The parents declare war on Miranda, who is probably just wondering what mental illness she's going to end up with this time, and – after an incredibly unexpected, poignant moment where Bailey and Edwards get to watch him leave the bubble from afar – Edwards throws herself on the grenade and says it was all her. And suddenly the whole thing goes away with a week's suspension for Edwards and that's the end of it, thanks to yet another in a dizzying series of the mom changing her mind about major shit on a dime. That mom of Bubble Boy is always flipping the script on everybody!

After her brilliant idea – which involves a magnetic butthole I can't even go into – goes well in surgery, Webber sits Leah down to tell her she'll be a great doctor, but never a surgeon. Which is exactly the kind of call Webber can best make, and even Leah – my favorite one! – knows it. She weeps, and even throws down a "is this because I'm a lesbian" kind of deal about the sexual harassment suit against Arizona, but very quickly turns back into a grownup. The saddest thing is the last scene, where she tells the other interns they'll be fine but not why, promises to meet them at the bar, and I think vanishes from the show forever. (I love your fucking face, Tessa Ferrer! Please be on another show tout suite!)

Along the same lines, Derek comes back from DC with big news relating to POTUS, but of course Meredith has to tell him hers first, about how Amelia is going to be their wife from now on because she doesn't want to leave Seattle. Derek says this is half right, because actually – just like Alex, just like Cristina – they are proceeding to their next step, which is living in DC, since without Cristina Seattle is just going to be a neverending parade of tragedies anyway. Why DC? Oh, because the President of the United States and some damn thing about science or something. Maybe more Kryptonian hologram technologies like Burke has? Or robot bodies? Who knows.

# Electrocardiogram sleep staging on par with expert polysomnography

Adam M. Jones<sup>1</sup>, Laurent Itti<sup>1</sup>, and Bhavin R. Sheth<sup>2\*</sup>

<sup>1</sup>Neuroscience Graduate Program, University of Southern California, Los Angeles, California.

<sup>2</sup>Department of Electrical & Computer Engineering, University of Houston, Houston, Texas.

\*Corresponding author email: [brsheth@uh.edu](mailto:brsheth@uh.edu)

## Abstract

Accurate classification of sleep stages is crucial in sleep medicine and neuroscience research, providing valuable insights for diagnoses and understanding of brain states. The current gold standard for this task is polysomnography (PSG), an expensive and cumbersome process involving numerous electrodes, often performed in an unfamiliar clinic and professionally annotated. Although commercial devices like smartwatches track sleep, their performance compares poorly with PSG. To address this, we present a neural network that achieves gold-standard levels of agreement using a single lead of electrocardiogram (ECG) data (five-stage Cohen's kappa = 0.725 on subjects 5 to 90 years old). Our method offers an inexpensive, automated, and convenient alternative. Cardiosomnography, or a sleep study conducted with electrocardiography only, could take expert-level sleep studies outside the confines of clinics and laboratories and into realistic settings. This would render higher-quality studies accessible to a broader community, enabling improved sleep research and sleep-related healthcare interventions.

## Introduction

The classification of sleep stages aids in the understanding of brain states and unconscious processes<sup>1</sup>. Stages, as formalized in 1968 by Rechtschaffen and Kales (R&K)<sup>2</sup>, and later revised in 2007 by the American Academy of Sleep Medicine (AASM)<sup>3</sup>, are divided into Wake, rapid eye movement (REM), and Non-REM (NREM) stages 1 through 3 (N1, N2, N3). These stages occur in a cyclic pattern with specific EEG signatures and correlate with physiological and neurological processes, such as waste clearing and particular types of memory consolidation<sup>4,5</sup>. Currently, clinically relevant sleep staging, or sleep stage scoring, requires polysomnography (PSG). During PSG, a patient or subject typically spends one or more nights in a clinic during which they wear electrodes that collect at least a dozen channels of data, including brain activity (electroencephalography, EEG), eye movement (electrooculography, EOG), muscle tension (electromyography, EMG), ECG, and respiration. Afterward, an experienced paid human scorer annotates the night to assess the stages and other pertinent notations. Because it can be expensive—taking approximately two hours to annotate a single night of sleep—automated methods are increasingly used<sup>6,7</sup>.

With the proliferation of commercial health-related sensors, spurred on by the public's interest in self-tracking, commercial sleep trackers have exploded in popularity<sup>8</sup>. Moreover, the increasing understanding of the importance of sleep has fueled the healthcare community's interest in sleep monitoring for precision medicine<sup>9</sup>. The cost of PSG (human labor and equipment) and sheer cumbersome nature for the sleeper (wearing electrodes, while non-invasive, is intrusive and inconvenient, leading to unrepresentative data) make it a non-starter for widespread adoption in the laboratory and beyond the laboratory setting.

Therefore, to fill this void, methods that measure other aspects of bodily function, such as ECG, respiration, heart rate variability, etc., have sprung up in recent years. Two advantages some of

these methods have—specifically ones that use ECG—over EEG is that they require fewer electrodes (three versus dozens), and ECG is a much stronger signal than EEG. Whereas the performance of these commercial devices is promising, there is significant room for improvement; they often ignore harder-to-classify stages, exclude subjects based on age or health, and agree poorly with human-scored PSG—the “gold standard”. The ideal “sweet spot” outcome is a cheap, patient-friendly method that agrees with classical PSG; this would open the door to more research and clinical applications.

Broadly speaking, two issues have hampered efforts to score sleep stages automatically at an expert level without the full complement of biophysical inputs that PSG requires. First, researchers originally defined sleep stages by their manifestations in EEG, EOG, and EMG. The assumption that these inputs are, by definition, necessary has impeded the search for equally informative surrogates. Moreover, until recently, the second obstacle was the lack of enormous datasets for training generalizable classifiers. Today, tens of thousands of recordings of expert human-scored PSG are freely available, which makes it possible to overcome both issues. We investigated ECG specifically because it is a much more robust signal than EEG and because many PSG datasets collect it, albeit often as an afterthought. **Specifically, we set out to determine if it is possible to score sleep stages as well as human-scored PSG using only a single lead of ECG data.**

I tune out with Derek, it's a huge problem. Here's what I heard while he was talking: "We have to move to DC because I met with the President and he grinded on my booty and we touched the Constitution."

With the threat of firing over Stephanie's head, Bailey screams at her for risking herself, and then Edwards lays down literally the best part of the episode, as she explains herself so rationally and kindly and brilliantly and compassionately that Bailey bursts into tears. (Me too.) Basically her point is tripartite:

One is, if Bailey went down for ignoring the parents' wishes, that would have taken down the HIV treatment she developed, which would have been a very dark thing. A beautiful new magic in the world would be snuffed out, for no real reason, and Miranda with it.

Two is, Miranda risked everything to save that kid, so where does Stephanie get off doing any less to save this new kind of medicine and possibly an entire generation of people.

And last of all, she's probably getting fired anyway so fuck it.

I mean, it was everything I love about the show. Complete with the scene's ending, which... To the best of my knowledge I have never been a black woman with a high-stakes career, but seeing Miranda proudly pull Stephanie into a classically rough Bailey embrace, on a primetime network show that nobody even thinks to credit for its diversity anymore, made me feel like I was seeing something new and special. I can't think of too many memorable scenes that they've had together, but there was a sort of infectious pride in that embrace that made me very homesick for the future. It was bright and acidic and funny and wise and blisteringly compassionate, and that's this show at its best.

Next week, finale time. Say goodbye to Cristina Yang. And if it doesn't involve a car accident that eerily parallels the death of her father, I just ... don't know what this show is even about.

[Image via ABC]